What is Oligopoly?
Oligopoly is a business system with a limited number of firms. Hence, none of them can keep substantial control from others. The concentration ratio tests the greater companies’ market share. A monopoly is one firm, two firms are a duopoly, and two or more firms are an oligopoly. There is no fixed top limit to the number of firms in an oligopoly. But the number must be so small that one firm’s acts have a major impact on the other.
- An oligopoly is a position when a small number of companies plan to limit production and/or set costs, either directly or tacitly, to obtain above-normal market returns.
- Political, legal, and technological factors can contribute to the creation and maintenance of oligopolies or their extinction.
- The greatest obstacle facing oligopolies is the prisoner’s difficulty faced by each member, will allow each member to cheat.
- Government policy can deter or promote oligopolistic behavior, and companies in mixed economies try ways to reduce competition from government blessings.
Historically, oligopolies included steel mills, oil companies, railroads, tire manufacturers, supermarket stores, and wireless carriers. The economic and legal problem is that the oligopoly will obstruct potential entrants, delay innovation, and price rises, both of which are negative for customers.
Factors helping in the existence of oligopolies
The factors that allow oligopolies to exist include high capital expenditure entry costs, legal privilege, and a network that is gaining popularity with more clients (social media). Google Docs has targeted Microsoft in the office software application space, which Google financed using cash from its web search company.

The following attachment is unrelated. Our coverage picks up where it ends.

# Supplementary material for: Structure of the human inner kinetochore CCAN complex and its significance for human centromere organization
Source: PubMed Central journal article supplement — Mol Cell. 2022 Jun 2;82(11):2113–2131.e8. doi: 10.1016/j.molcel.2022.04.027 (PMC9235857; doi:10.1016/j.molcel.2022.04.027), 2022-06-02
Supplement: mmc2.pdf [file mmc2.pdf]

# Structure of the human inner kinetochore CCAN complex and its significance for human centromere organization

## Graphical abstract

The firms ought to consider the advantages of partnership over the costs of economic rivalry. Then, decide not to compete and focus on the advantages of cooperation instead. Companies have also sought innovative ways to prevent the possibility of price manipulation, such as using moon phases. Another strategy is for businesses to follow an agreed market leader; when the leader raises prices, the others follow. The fundamental issue facing these businesses is that every business has an opportunity to cheat.
If all oligopoly firms agree to limit supply and sustain high prices mutually. This kind of rivalry can be waged through prices, or simply by the expansion of its production brought to market. It can be accomplished through contractual or market conditions, legal restrictions, or strategic relationships between oligopoly members, which allow cheaters to be punished. Alternatively, oligopolies in mixed economies also try to lobby for favorable policies to function under government agency control or even direct oversight.
Depending on the number of companies, an oligopoly can end up looking more like a monopoly or a competitive market. There is a little guarantee on how businesses form an oligopoly. Hence, it depends on the company’s goals, the market’s con-testability, and the quality of the product.